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The Lehman Trilogy, Piccadilly Theatre review - stunning chronicle of determination and dollars | reviews, news & interviews

The Lehman Trilogy, Piccadilly Theatre review - stunning chronicle of determination and dollars

The Lehman Trilogy, Piccadilly Theatre review - stunning chronicle of determination and dollars

A simultaneously sweeping and intimately human production

Trading places: each member of the cast shows themselves to contain multitudesMark Douet

Mammon and Yahweh are the presiding deities over an epic enterprise that tells the story not just of three brothers who founded a bank but of modern America. Virgil asked his Muse to sing of ‘arms and the man’, yet here the theme becomes that of ‘markets and the man’: a tale of daring, determination and dollars that chronicles capitalist endeavour from the cottonfields of Alabama to the crash of 2008.

The Italian playwright Stefano Massini first released what started as his five-hour long play on the world in 2013, consciously using the rhythmic verse and formulaic techniques of epic to explode the jargon-cluttered world of finance. It arrived in London via a production in Paris: after director Sam Mendes saw it he asked Ben Power, one of the most intelligently innovative dramaturgs de nos jours, to adapt it so it could be unleashed on English-speaking audiences.

After storming the National Theatre, and then – like its central characters - making a financially beneficial trip across the Atlantic to New York – it now arrives at the Piccadilly Theatre with the same dazzlingly versatile cast of three. Over the course of a little more than three hours, we watch the delightfully unholy trinity of Simon Russell Beale, Adam Godley, and Ben Miles, switch ages, genders, and vocal tics as they evoke 160 years of the firm that has become synonymous with capitalist implosion.

Mendes’s simultaneously sweeping and intimately human production is powerfully refracted through Es Devlin’s brilliant set, a minimalist glass and metal revolving box that can metamorphose from swanky office space to cluttered fabric shop in Alabama. Luke Halls’ powerful video projections mean that we see the action against a vast horizon that shifts from the Atlantic, to the cotton fields of Southern America, to historic and then modern day New York, amplifying the sense that we are witnessing history in the making.

Adam Godley: one of the evening's showstoppersYet ultimately this production, which shows Mendes at the height of his powers, in the best epic tradition paints the scenes before us with words. Simon Russell Beale’s Henry Lehman is the first to speak: as the action switches from New York in 2008 to 1844, we see him rise up from boxes containing the detritus of the collapsed bank to talk of his historic voyage from Europe. In his tone of voice alone Russell Beale evokes the enormity of a shift that was inevitably not just geographical but psychological: when he says ‘America. No longer in his mind but there,’ we feel the full force of the transition from imagination to reality. Before too long he is joined by his brothers Emanuel (Miles) and Mayer (Godley): each, in epic style, characterised by an epithet – Henry, the ‘head’ who is always right, Emanuel the ‘arm’ and Mayer who, in a much-deployed joke, is ‘smooth as a just-peeled potato’.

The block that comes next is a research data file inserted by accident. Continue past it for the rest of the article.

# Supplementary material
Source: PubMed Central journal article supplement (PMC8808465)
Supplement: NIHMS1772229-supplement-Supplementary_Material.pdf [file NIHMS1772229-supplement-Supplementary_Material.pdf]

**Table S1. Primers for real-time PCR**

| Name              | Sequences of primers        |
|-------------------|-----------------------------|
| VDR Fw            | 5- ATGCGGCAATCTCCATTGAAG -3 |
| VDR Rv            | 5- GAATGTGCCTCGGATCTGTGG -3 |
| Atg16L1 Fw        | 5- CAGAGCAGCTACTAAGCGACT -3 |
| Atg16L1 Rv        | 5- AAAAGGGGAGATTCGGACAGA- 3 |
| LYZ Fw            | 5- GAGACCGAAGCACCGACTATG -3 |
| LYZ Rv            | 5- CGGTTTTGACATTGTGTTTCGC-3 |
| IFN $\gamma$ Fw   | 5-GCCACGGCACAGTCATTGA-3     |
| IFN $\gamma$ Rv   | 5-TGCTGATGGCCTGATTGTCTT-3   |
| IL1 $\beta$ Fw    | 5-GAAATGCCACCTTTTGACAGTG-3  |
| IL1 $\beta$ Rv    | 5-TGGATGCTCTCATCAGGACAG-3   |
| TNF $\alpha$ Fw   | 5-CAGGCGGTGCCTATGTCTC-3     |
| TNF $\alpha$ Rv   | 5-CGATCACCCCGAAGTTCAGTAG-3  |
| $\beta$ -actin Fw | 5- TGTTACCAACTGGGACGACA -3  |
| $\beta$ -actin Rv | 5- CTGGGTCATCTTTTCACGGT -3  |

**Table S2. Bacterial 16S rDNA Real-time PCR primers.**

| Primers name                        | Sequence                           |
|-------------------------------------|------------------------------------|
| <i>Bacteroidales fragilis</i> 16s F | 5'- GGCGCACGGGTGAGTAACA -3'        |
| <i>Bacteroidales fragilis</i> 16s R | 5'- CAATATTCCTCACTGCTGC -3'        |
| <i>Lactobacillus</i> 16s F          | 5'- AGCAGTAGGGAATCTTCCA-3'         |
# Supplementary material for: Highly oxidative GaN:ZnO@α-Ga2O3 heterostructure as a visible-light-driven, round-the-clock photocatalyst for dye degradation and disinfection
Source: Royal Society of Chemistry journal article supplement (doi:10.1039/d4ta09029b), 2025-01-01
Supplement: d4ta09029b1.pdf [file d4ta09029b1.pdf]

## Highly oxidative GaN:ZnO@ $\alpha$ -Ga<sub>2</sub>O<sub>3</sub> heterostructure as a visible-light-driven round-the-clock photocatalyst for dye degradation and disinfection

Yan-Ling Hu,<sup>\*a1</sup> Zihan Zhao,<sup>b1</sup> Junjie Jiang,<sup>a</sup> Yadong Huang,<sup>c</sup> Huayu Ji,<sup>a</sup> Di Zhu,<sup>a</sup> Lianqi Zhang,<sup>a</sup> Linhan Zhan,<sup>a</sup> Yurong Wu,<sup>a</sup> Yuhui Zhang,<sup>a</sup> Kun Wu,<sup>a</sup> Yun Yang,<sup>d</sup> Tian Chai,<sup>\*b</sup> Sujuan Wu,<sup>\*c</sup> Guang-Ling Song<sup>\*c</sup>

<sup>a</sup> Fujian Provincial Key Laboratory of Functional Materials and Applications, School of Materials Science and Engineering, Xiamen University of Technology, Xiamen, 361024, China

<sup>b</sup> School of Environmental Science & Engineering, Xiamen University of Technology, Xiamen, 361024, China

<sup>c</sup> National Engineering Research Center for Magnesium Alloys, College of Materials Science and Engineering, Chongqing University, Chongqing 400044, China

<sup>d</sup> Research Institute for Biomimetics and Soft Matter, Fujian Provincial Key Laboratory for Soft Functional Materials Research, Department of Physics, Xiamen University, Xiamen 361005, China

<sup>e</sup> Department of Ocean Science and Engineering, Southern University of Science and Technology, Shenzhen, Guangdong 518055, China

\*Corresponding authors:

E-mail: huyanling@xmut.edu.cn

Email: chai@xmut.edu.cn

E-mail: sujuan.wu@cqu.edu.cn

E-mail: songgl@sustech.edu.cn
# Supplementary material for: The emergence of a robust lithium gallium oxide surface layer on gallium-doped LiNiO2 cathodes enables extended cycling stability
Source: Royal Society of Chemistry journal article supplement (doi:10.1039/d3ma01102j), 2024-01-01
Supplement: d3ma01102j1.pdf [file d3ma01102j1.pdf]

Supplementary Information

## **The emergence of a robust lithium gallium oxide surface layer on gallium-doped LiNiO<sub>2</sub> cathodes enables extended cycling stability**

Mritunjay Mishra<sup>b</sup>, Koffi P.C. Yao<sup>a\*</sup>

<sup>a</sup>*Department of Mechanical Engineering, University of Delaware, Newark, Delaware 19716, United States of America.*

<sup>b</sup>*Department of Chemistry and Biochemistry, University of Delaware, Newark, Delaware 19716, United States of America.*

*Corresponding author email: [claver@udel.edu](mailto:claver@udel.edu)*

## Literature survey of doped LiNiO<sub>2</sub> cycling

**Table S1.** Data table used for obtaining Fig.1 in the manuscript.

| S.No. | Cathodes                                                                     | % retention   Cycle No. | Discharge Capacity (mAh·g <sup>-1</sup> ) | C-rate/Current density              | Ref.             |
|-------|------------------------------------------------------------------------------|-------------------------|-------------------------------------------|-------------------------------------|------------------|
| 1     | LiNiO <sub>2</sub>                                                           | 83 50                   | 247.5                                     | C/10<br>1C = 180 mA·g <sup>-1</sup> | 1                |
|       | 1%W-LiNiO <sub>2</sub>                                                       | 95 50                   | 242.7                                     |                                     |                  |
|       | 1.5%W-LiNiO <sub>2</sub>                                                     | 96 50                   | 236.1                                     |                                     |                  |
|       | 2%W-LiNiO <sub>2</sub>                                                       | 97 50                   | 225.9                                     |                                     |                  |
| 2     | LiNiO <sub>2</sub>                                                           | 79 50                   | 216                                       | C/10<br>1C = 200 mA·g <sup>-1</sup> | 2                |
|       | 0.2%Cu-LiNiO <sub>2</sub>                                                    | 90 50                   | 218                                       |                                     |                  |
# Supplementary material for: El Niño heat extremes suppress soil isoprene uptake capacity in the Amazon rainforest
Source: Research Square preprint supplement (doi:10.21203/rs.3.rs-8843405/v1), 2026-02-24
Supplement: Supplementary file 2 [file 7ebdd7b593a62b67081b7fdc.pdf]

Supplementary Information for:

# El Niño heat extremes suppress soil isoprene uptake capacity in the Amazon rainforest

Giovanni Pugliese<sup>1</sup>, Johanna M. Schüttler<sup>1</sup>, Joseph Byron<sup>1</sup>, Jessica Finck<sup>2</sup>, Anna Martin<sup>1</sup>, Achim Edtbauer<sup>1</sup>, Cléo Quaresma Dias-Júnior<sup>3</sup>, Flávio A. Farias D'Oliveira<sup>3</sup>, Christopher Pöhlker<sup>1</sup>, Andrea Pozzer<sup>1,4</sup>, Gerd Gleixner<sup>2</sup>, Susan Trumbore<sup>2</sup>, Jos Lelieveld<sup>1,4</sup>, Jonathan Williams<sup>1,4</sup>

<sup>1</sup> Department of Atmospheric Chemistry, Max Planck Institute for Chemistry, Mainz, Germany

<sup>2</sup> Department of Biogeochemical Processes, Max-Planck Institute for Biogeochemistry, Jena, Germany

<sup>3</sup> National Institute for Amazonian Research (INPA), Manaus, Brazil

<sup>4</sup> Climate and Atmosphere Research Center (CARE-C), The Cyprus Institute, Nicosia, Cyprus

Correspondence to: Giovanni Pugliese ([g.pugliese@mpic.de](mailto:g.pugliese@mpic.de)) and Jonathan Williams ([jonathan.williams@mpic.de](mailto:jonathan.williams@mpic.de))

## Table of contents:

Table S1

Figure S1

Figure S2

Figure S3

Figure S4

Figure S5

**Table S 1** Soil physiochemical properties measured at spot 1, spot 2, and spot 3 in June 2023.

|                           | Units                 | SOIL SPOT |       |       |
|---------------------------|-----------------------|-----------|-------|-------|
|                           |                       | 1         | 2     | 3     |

Massini wrote this work partly to challenge the hatred of bankers that erupted with full force after the financial crash. It’s impossible, even so, not to be constantly aware that this world-powerful family rose on the back of others’ disasters – whether on the slavery-driven cotton trade, the fall-out from the Civil War, or from refusing to help out other banks during the Crash of 1929. Yet the brilliant, human, performances keep us focused on the potent central story of three Jewish boys who used all their ingenuity to raise themselves from nothing. While this is a story of historic misfortunes, it is also an extraordinary document of human progress: through the Lehmans we see the transformation of America from agricultural to industrial economy, the dawn of the railways, the advent of radio and TV, and the beginnings of the digital age.

Of course, remarkable though they were, the one attribute the three Lehman brothers did not possess was immortality. Luckily each member of the cast proves themselves – Walt Whitman-like – to contain multitudes. Throughout they wear the dark suits of nineteenth-century European Jews: each transformation throughout the decades is through voice and body language. It’s sheer joy to watch Russell Beale, for instance, suddenly metamorphose into the small and precocious Philip Lehman, self-consciously upright with wide blinking eyes. And Adam Godley’s (above) wiry, drily witty evocation of a whole fashion parade of potential sweethearts for the Lehman heir is one of the evening’s showstoppers.

The chemistry between the three actors is superb – Miles fierily assertive, Russell Beale ably negotiating the spectrum from whimsical to philosophical, Godley utterly inhabiting whichever role he takes on. As Bobby – the last surviving Lehman – Godley is particularly strong: an art-obsessive forced by family tradition to be a banker, his counter-cultural style ably whisks the play into the late-twentieth century. By the time we all reach 2008, we feel, in all the best ways, that we have lived for hundreds of years. It’s an evening of deftness and brilliance that forcefully reminds us that maybe all the best things in life aren’t free.

  • The Lehman Trilogy at the Piccadilly Theatre till 31 August
  • Read more reviews on theartsdesk

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